Computing has permeated and transformed almost all aspects of modern life.  As computing becomes more important in all sectors of society, so does the preparation of a globally competitive U.S. workforce able to apply core computing concepts, methods, technologies, and tools - referred to as Computational Thinking (CT ) in this document - to a broad range of societal challenges and opportunities. 

CT capitalizes on concepts, methods, technologies, and tools fundamental to the fields of computing, i.e. computer and information science and engineering.For example, computing concepts and methods equip us to reason at multiple levels of abstraction simultaneously, to think algorithmically and apply foundational mathematical concepts to solve complex problems, and to understand the dimensions and consequences of scale.  However, it is only when computing concepts and methods are combined with the power of automation afforded by contemporary computing technologies and tools that the full potential of CT is unleashed.  Drawing deeply on computing concepts, methods, technologies and tools, CT serves as a powerful strategy to more effectively design, understand and solve problems associated with complex systems in all aspects of modern life. 

II. PROGRAM DESCRIPTION

The CISE Pathways to Revitalized Undergraduate Education in Computing (CPATH) program recognizes the growing importance of CT in society.  The goals of the program are to:

  • contribute to the development of a globally competitive U.S. workforce with CT competencies essential to U.S. leadership in the global innovation enterprise;
  • increase the number of students developing CT competencies by infusing CT learning opportunities into undergraduate education in the core computing - computer and information science and engineering - disciplines, and in other fields of study; and,
  • demonstrate transformative CT-focused undergraduate education models that are replicable across a variety of institutions.

Through the CPATH program, CISE challenges the academic community to identify and define the core computing concepts, methods, technologies and tools to be integrated into promising new undergraduate education models, and to demonstrate effective strategies to develop and assess CT competencies in the relevant learning communities.  While aimed primarily at revitalizing undergraduate education, the CPATH program encourages the exploration of education models that extend from institutions of higher education into the K-12 environment; activities that include the engagement of K-12 teachers and students to facilitate the seamless transition of secondary students into CT-focused undergraduate programs are particularly encouraged.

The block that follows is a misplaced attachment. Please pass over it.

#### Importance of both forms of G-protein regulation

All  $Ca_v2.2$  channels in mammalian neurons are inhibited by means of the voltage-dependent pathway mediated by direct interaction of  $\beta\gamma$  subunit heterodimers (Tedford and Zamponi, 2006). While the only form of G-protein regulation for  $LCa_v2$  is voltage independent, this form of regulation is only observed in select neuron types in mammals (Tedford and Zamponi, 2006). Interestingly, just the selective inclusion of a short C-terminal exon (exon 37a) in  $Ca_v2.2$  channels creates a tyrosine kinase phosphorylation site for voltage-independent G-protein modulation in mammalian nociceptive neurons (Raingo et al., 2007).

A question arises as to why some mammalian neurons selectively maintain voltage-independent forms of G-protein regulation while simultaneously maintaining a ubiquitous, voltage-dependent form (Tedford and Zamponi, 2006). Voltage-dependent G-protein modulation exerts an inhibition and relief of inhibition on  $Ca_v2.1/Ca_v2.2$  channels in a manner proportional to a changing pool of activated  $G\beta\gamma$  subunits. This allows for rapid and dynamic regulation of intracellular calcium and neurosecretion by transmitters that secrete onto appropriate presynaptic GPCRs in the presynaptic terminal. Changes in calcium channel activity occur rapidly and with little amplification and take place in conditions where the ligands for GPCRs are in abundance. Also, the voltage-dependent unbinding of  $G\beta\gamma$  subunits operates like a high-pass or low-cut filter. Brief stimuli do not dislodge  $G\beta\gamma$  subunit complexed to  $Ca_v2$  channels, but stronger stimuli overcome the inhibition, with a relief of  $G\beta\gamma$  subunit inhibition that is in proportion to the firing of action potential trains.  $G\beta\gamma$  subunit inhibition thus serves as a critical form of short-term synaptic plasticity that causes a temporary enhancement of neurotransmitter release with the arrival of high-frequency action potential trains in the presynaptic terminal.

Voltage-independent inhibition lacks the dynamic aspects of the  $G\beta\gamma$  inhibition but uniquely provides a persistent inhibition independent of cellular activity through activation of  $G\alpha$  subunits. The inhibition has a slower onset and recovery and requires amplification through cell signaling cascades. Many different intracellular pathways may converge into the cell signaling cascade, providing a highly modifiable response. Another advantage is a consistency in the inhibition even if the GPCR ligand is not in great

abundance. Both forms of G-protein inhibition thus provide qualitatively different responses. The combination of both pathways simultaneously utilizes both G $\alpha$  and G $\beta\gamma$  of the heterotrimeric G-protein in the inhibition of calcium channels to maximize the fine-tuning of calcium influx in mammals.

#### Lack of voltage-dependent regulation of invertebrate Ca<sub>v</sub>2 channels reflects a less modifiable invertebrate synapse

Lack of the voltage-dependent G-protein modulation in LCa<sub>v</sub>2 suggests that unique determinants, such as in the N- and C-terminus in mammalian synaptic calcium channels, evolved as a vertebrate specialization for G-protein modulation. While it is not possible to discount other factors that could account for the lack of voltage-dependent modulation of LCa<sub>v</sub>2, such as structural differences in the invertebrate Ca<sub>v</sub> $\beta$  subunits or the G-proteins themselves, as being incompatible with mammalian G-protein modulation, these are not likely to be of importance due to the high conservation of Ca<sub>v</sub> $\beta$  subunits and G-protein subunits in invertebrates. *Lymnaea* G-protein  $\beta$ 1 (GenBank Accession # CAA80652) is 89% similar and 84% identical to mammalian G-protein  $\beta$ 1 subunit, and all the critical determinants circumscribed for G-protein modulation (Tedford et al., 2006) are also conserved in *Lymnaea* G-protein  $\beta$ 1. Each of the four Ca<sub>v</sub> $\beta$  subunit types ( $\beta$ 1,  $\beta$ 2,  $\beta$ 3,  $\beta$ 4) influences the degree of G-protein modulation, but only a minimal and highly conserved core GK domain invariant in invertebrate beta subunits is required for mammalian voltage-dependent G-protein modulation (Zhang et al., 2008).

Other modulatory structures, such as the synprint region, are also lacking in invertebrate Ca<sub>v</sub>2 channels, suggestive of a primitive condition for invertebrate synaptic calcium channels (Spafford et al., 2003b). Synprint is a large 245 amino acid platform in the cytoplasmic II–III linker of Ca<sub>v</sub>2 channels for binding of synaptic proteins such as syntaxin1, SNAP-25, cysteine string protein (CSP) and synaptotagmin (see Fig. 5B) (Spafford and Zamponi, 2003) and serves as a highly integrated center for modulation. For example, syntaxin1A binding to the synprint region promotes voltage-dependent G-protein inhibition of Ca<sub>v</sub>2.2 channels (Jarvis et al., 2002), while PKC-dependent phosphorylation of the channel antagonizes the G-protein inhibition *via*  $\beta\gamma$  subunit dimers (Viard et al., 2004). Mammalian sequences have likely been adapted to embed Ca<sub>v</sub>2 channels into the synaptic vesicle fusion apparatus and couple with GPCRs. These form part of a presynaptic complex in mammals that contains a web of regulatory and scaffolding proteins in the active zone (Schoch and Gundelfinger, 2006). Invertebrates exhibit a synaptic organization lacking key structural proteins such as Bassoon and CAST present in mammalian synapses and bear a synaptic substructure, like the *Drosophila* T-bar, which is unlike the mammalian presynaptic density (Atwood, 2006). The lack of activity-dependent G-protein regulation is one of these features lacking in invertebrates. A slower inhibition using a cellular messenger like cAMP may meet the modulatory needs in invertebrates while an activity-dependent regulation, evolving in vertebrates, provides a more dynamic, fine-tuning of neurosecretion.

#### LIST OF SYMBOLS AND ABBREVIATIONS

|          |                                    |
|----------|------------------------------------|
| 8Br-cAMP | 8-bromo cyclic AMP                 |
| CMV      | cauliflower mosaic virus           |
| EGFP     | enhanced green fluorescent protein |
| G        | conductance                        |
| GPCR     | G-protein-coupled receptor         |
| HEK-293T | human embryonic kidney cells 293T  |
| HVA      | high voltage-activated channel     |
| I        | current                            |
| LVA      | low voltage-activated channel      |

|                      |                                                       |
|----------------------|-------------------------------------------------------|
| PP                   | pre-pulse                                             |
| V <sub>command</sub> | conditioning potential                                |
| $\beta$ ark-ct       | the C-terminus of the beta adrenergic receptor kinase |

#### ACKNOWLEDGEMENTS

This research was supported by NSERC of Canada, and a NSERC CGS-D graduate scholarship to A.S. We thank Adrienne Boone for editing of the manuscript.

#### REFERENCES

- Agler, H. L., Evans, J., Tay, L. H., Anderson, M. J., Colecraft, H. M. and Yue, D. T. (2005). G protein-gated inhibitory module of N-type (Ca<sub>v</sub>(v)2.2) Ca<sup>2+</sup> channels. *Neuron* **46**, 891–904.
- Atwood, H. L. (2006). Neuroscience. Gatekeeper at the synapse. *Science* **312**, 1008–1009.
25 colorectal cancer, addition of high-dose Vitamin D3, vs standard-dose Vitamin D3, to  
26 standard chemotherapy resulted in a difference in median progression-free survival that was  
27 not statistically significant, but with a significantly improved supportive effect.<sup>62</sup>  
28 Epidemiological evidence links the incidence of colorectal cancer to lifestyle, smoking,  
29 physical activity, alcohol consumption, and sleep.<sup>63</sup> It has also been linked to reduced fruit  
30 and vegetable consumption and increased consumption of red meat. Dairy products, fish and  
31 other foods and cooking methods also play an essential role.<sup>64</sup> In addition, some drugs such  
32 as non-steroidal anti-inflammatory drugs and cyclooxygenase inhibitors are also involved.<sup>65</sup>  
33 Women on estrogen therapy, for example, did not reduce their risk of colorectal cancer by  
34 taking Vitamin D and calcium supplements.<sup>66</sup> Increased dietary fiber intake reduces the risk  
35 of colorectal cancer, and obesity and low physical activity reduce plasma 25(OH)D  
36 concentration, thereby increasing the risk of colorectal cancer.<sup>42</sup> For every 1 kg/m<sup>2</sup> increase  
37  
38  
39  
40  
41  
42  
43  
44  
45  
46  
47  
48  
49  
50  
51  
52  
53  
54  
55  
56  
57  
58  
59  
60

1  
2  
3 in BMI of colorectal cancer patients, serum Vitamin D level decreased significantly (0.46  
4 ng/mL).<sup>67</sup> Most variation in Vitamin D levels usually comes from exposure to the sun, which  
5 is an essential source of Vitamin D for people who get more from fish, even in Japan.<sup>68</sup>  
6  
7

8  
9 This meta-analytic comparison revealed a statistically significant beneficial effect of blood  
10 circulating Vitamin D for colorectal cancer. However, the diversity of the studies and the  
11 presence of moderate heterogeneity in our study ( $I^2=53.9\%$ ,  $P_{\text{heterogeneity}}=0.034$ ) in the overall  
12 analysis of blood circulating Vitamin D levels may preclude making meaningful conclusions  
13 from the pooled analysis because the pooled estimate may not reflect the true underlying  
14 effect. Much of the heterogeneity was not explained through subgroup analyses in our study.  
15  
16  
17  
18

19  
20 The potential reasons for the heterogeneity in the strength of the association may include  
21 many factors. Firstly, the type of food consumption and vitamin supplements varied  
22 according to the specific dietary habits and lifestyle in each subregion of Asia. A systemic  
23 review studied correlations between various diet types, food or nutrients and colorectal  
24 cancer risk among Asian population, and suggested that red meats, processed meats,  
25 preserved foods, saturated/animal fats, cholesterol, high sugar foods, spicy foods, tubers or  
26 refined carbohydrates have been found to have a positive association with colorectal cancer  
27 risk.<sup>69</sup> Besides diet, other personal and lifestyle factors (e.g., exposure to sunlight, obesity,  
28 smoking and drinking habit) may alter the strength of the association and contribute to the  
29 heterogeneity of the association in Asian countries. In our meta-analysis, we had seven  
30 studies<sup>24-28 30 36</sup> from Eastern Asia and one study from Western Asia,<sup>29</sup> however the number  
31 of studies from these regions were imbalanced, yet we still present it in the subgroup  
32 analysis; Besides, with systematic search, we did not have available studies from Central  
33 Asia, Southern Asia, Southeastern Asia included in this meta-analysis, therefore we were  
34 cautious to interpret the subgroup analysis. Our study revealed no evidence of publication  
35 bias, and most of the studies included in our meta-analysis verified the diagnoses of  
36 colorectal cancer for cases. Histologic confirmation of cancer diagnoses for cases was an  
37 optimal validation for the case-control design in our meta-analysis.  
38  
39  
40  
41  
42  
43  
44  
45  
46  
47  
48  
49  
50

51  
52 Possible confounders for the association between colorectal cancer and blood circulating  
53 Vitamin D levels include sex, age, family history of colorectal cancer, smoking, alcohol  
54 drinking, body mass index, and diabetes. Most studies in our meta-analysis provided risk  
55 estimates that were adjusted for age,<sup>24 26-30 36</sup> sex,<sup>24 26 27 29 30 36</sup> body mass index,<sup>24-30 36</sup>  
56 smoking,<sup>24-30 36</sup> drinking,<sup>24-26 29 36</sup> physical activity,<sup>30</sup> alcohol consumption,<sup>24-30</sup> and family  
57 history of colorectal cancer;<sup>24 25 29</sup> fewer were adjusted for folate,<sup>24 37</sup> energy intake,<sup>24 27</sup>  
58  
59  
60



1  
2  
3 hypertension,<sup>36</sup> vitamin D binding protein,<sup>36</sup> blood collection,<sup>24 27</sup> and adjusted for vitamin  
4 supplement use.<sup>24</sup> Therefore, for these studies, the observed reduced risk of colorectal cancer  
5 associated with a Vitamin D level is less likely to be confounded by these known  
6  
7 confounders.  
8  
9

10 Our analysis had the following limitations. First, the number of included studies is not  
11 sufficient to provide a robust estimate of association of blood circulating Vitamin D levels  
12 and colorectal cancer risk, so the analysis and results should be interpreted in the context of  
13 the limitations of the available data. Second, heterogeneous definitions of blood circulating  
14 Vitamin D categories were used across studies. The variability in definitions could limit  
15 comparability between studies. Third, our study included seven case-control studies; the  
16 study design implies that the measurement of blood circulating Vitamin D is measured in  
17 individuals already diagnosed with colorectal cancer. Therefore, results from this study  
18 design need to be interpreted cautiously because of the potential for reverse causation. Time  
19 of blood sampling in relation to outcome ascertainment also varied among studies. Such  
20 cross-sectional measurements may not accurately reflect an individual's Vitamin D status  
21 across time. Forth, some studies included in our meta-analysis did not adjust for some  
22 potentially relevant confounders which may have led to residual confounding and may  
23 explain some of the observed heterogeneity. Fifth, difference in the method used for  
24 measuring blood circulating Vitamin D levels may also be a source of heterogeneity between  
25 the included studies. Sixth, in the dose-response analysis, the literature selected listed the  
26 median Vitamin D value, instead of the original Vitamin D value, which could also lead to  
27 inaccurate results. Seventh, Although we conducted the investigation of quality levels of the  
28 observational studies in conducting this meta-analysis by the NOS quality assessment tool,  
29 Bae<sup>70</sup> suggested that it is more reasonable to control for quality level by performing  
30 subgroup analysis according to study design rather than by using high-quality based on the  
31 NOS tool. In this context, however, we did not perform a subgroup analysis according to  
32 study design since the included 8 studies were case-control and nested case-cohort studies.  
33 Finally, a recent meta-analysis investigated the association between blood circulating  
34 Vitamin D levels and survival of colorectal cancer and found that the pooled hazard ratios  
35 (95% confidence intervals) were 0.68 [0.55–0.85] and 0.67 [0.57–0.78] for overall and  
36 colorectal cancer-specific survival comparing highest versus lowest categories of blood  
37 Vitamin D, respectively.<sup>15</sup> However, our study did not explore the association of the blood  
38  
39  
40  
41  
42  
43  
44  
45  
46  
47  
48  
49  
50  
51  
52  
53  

Successful CPATH proposals will include administrators, researchers, educators and students in institutions of higher education.  Further, the engagement of stakeholders in other types of organizations including, but not limited to, K-12 schools and school districts, industry, and professional societies is also encouraged.  Every CPATH proposal must demonstrate the engagement of faculty with expertise in the core computer and information science and engineering (CISE) disciplines. 

CPATH invites proposals from academic institutions and their partners to plan, develop, adopt, implement and/or extend promising approaches to infuse CT into undergraduate education.  Proposals may focus on undergraduate education in (1) computing fields alone, or (2) computing and other fields in which the development of CT competencies is likely to have significant impact.  All proposals must include plans to disseminate project outcomes to a national audience.  Proposals that engage K-20 administrators, faculty, teachers and students are encouraged. 

By identifying specific learning objectives, CPATH projects will empower students to develop deep CT competencies that can be applied to a broad range of societal challenges and opportunities.  Further, through rigorous evaluation, CPATH projects will provide detailed performance feedback to administrators, faculty, teachers, students and other stakeholders. 

The CPATH program will support the following types of activities:

  • Projects focused on common CT interests and affinities that encourage community collaboration, interaction and resource sharing.  Such efforts might include a topical, pedagogical, geographical, or other unifying focus that defines the CT objectives of the participating parties.  
  • Activities designed to develop and support communities of practice experimenting with the introduction or replication of promising CT-centric education models.
  • Activities focused on the preparation that institutions may need to do to plan for and embark upon comprehensive, CT-focused curriculum reform and implementation.
  • Implementation and institutionalization of innovative CT-centric education models designed to revitalize undergraduate education at one or more participating institutions.   Proposers may seek to implement promising new models in one or more participating institutions or may seek to adopt, adapt, extend or expand existing successful models.